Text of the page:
- Deploying a Realeyes IDS sensor on an IPv6 network
- Analysis of IPv6 packets by the IDS application
- Inserting IPv6 addresses and data in the Realeyes database
- Defining rules for IPv6 addresses
- Displaying IPv6 addresses and headers from the user interface
I will describe this in more detail in a later post, but for the moment, I need a motivational boost, so I decided to give myself a pat on the back.
The way that IDS functionality is added is through plugins that perform specific functions. At this point, data collection and high level analysis are essentially complete. I am adding a few new features in the IDS only to the session handler and low level analysis plugins. In Realeyes terminology, this is the Stream Handler and the Stream Analyzers.
The Stream Handler parses the IP header to find the session ID, and set the location of the payload, such as TCP or UDP headers and their data. I set up two hosts on my local network for IPv6 connections. On a Linux system, this is as simple as issuing an ifconfig command on both systems and, for ease of use, adding the remote host to the /etc/hosts file:
- host100> ifconfig eth0 inet6 add fec0:0:0:1::100/64
- fec0:0:0:1::200 host200
- host200> ifconfig eth0 inet6 add fec0:0:0:1::200/64
- fec0:0:0:1::100 host100
Next, I established SSH and FTP sessions between them. I had the code to find the payload written, but this was the first time I had tested it. It took a couple of tries to get it right because the way IPv6 extension headers work is a bit tricky. But when I actually captured some sessions, they were displayed correctly in the user interface.
I then added the code to display the IPv6 headers in the user interface. This formats the main header and each extension header using human readable field names followed by the actual values. Because the header type of each extension header is in the previous header, this was also a little tricky to get working.
The IDS Stream Handler is also where IP fragments must be reassembled. I was really happy that after copying the IPv4 reassembly code and changing all instances of "v4" to "v6" and handling a couple of variables differently, the IPv6 reassembly worked. This is an example of the value of modularity and the use of variables in code.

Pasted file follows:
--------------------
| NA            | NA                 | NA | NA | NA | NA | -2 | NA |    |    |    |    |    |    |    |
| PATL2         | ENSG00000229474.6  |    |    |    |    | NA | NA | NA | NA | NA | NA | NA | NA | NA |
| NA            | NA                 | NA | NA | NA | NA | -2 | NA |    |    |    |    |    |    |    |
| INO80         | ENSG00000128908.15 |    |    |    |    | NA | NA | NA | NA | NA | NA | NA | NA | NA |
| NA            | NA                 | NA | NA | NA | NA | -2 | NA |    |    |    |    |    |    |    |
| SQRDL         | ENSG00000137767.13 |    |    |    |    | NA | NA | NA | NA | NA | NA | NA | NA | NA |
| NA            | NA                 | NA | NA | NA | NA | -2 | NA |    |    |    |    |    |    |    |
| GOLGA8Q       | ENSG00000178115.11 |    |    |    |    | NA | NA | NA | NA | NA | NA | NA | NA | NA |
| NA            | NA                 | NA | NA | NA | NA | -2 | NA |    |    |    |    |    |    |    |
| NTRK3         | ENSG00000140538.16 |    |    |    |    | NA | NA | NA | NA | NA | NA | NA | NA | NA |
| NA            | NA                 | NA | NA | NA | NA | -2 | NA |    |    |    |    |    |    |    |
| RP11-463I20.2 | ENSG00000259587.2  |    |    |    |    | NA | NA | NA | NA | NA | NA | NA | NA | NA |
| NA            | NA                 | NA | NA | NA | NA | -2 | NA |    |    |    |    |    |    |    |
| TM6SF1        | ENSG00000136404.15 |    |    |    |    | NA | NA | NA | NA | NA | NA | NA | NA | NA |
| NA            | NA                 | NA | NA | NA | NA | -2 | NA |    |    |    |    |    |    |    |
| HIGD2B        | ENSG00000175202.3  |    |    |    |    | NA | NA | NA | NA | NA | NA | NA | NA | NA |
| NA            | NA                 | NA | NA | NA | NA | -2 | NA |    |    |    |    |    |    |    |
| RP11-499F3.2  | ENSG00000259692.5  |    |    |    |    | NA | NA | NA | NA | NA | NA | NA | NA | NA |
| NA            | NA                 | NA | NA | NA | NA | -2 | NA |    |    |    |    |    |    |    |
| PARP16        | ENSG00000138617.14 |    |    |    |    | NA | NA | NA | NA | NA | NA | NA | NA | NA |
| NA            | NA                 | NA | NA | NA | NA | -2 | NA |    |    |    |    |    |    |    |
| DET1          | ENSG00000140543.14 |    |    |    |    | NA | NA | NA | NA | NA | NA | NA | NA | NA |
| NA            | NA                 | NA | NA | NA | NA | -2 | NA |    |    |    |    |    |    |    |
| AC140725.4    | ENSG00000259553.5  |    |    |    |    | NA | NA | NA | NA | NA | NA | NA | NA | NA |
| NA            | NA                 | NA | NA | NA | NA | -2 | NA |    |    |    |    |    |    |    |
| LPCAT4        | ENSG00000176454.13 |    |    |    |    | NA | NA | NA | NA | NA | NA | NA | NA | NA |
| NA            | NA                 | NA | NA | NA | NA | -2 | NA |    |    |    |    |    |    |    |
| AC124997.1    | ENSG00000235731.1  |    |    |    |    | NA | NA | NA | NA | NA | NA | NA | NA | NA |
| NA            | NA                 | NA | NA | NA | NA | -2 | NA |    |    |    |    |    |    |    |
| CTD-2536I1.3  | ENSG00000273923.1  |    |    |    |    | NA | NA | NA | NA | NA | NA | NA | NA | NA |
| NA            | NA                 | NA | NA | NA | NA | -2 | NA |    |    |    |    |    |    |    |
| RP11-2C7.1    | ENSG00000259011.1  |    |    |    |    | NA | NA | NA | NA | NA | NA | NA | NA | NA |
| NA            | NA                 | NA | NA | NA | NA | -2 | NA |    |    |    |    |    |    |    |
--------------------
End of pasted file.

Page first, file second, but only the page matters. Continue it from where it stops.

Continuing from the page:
As an aside, I learned this lesson in my first year of Computer Science. The grad student instructor had us program an assembler that could handle about 8 operations, each with one operand of 6 characters. The next assignment was to modify the assembler to add a couple of operations, some of which took two operands, and the length of operands increased to 8 characters. Those who hard coded the original assignment had a lot of work to do (I had hard coded some things, but not all). And yes, the third assignment was more of the same.
I hated that guy (as did most of my classmates), because while the lesson was legitimate, laboratory exercises are not applications that will grow in the real world. As first year students, most of us did not have enough experience to develop programs with even that level of sophistication, and he did not recommend that we incorporate it in the assignment. And with other classes to deal with, getting a single program to work at all took time that was in limited supply. His excuse was, in the real world we would constantly be faced with changing requirements at a moments notice, and thus he was doing us a favor.
Having been out here for over 20 years, I have yet to run into anything remotely like what he described, although I do make it a point to be anal about getting adequate requirements descriptions up front. The people I have worked for wanted me to succeed, because it reflected on them. Some were more helpful than others, but I have never worked on a task where the requirements changed wildly, making it impossible to complete. Maybe I'm just lucky.
Incidentally, the way I tested reassembly was to use the latest version of netcat, which supports IPv6 sessions. I created a file that had over 8K of test data, and then sent it over a UDP session, which tried to send the entire file in a single datagram, and forced the TCP/IP stack to fragment it:
- server> nc -6 -u -l -p 2000 fec0:0:0:1::100
- client> nc -6 -u fec0:0:0:1::200 2000 < test.data
Anyhow, I am now working on analyzing the IPv6 extension headers and expect that to be done within a week. After some tidying up, I will be building a new package for download with IPv6 and several other new features. So, back to work.
Later . . . Jim